GAP attempts to contextualize by building two models for the distribution of data and comparing actual results to the models. One model is built on population data, the other on GDP. These two statistics are used because they are ones for which the most thorough data sets exist – the World Bank provides 2001data[2] on population for but one country (Mayotte), and GDP data on 90% of our countries. For the remaining nations, the CIA World Factbook’s 2000-2002 estimates[3] were used.


To create an estimator model, a correlation between population and results count was assumed. The logarithm is taken of both population and results counts, which results in distributions that appear to match a normal distribution for each data set. The log of story count was graphed against the log of population on a scatterplot, and a line was fit to the results. This linear fit to logarithmic data is equivalent to fitting a curve of the form y=mxn where y=stories, x=population and m and n are constants specific to that particular data distribution.[4]

The chart, left, shows the relationship between search results on on June 11th, 2003 and population. Both axes are scaled logarithmically, and as a result, the curve y=0.0127x0.6622 appears linear. The equation was used as estimator for future CNN results. When m and n from this equation and from the corresponding GDP equation are plugged into a CNN specific configuration file, the scraper is able to estimate how many results it expects based on the population and GDP models, and calculate deviation from those expectations. For ease of visualization, it color-codes the deviations to make maps and charts easier to read, using deeper shades of red to signify greater positive deviations (more results than the model predicted) and deeper shades of blue to signify negative deviation (fewer results than expected.)


It is tempting to read blue spots on the map as “underrepresented” and red ones as “overrepresented”, but these generalizations have to be made with a strong caveat. Blue and red signify under and overrepresentation from a specific model. As will be demonstrated in the Results section, models are more or less well-correlated to a specific data set, and one would expect large amounts of deviation from a loosely-correlated model.


Results were then correlated from the nine media sites with 21 World Bank data sets[5]. With the exception of the aforementioned GDP and Population statistics, these sets represent 1999 data. Few are as complete as the GDP or Population statistics, so correlations consider 120-160 pairs of values rather than the 183 considered by GDP and Population correlations[6]. It was not assumed that missing data indicates a zero value – generally this is untrue, and would badly skew correlations. In the case of Foreign Direct Investment and Development Assistance, negative values – i.e., countries making investments or countries giving aid – were disposed of, because this information is extremely incomplete.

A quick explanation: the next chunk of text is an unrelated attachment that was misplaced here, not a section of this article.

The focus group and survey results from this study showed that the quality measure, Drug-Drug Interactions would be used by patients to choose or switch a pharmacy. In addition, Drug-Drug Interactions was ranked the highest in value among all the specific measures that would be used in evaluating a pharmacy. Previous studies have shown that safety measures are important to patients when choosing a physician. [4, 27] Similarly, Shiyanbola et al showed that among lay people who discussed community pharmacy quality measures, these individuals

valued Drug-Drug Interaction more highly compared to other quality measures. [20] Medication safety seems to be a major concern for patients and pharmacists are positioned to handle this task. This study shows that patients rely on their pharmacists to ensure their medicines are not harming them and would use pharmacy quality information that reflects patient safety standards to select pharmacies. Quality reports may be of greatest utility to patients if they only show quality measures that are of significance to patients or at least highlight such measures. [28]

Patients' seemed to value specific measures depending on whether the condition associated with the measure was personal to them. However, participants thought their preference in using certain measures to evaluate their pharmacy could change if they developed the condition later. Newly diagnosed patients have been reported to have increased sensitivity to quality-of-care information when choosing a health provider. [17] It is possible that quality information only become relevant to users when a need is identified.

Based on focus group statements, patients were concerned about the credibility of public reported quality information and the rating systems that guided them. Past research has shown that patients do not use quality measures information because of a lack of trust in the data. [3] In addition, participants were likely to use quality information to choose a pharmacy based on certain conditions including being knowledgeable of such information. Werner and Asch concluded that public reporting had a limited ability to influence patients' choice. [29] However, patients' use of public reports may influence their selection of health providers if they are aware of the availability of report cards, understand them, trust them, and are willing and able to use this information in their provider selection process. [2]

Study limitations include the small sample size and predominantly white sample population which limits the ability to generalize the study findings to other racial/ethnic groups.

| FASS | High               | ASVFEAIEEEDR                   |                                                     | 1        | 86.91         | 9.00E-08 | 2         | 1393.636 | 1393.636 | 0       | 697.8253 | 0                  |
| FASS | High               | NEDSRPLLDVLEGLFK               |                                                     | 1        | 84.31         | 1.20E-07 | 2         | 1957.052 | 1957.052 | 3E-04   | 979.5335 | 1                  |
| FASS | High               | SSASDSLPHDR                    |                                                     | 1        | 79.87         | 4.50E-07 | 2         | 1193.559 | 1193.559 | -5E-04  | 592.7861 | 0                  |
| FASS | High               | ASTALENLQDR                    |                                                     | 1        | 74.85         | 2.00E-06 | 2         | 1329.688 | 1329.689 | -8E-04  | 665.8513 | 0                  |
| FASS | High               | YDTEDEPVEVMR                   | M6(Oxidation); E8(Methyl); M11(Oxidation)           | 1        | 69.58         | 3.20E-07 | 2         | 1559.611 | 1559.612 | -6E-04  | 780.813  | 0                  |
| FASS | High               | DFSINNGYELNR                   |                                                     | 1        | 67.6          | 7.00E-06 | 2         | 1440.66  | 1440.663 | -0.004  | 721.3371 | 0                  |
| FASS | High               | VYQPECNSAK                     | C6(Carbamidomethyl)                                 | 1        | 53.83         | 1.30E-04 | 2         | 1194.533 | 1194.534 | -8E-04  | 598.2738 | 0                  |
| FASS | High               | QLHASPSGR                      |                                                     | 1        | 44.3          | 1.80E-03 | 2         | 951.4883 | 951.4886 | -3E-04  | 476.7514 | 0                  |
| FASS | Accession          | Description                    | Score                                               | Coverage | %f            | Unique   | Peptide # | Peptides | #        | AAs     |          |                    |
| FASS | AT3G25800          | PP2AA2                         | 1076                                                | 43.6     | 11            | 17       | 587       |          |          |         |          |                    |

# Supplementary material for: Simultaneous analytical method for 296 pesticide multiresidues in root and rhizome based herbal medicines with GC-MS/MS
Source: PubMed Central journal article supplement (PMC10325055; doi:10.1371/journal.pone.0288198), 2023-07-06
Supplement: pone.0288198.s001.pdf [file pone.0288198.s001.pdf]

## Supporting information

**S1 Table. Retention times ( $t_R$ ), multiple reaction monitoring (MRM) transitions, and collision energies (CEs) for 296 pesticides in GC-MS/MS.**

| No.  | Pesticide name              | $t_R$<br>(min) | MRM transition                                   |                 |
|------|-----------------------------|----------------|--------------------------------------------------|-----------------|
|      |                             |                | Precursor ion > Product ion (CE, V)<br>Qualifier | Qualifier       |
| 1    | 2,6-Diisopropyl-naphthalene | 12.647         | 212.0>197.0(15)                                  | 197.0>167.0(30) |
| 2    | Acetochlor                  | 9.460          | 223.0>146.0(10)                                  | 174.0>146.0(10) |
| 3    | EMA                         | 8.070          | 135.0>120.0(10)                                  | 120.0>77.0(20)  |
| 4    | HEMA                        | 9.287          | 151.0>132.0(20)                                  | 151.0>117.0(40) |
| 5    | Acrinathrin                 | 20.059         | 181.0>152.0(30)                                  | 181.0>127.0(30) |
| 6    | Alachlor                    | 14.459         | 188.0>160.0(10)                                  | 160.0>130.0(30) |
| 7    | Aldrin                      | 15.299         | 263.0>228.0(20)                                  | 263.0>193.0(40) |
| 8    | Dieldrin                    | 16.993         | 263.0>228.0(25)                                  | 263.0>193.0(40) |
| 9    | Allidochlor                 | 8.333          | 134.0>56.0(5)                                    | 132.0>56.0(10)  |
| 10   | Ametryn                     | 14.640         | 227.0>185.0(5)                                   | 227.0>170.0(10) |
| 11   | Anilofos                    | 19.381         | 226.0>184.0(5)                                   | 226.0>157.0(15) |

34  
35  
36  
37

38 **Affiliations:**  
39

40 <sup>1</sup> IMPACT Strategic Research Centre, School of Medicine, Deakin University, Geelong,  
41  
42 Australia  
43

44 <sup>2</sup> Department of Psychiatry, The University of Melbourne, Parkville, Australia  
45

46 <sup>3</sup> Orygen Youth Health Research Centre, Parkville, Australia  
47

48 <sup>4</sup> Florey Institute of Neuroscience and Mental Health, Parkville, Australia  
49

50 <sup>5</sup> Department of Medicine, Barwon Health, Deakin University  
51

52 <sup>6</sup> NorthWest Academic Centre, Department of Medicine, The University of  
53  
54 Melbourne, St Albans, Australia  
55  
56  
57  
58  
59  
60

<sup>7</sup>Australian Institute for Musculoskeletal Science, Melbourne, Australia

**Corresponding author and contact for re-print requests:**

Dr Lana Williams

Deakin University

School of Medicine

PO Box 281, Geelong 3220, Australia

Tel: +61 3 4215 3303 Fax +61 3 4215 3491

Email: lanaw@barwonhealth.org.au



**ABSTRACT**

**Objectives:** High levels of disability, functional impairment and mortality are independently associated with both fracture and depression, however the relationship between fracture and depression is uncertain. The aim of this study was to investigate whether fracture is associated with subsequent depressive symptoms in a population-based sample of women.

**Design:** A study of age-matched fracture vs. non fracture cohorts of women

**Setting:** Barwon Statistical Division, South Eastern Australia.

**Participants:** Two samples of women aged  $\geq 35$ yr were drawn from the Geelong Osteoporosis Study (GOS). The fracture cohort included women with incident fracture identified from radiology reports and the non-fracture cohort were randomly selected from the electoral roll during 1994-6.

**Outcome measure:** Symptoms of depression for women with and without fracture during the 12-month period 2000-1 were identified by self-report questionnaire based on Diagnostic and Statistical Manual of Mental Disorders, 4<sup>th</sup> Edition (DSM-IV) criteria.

Microsoft Excel was used to fit curves to the data. Because Excel transforms data via a logarithm to effect a power-series curve fit, it is not capable of working with zero values. To work around this problem, zero values returned by our scrapers were replaced with 0.1 – one tenth of a story. As this study makes use of logarithmic scales, this change turns the difference between zero and one into a difference of one order of magnitude, rather than an infinite difference – probably a better representation of what is actually going on, especially on news sites that might fail to report on Vanuatu this week, but provide a story on it next week.



Some of the most interesting patterns that GAP reveals are geographic. For instance, it is easier to see that the BBC focuses a lot of reporting attention on former British colonies in east and southern Africa once results are plotted on a map. For this reason, the GAP scraper outputs three maps, as well as a table of values. The maps represent results count in percentage terms, deviation from population estimate and deviation from GDP estimate.


To automatically create these maps, the GAP scraper calls on mapper, a package built by programmer Nate Kurz to enable automated mapping using ImageMagick, a leading open source imaging tool. Mapper reads a data file containing x,y coordinates for each nation represented on a specific map. Some discontinuous nations (Indonesia, for instance) require multiple coordinate points. Mapper defines a region as being represented by one or more coordinate pairs, and then accepts commands to fill a region with a certain color, coded in hexadecimal RGB pairs and outputs PNGs, GIFs or JPEGs.[7]


Next section: Results | Index

[1] Commercial news aggregators like Lexis/Nexis come close to being this ideal search engine. Since they log all stories into their own database, one can search across multiple media outlets with a common set of keywords and time periods. Once GAP is modified to search a news aggregator, much of the complexity detailed in this section will be extraneous.

[2] From the World Development Indicators Database, via the Data Query online tool:, accessed June 15, 2003.

[3] CIA World Factbook,, accessed July 31,2003. Unfortunately, the CIA World Factbook’s estimates of GDP are in purchasing power parity dollars, not real US dollars. As there’s no easy way to convert PPP to real dollars, the use of Factbook introduces some error into GDP comparisons.

[4] Indeed, when Microsoft Excel fits a power series to a set of data, it appears to take the logarithm of both sets and fits a linear equation to the transformed data. As a result, Excel is unable to perform power series fits to data that includes zeros, as it’s impossible to take the logarithm of zero.

[5] World Development Indicators Database.

[6] As a result, comparing correlation coefficients is somewhat imprecise, as a data set with 120 data points will show slightly different correlations than one with 180 data points.

[7] The author and Mr. Kurz plan to release mapper to the Open Source community at some point in the future. If you need the code in the meantime, please contact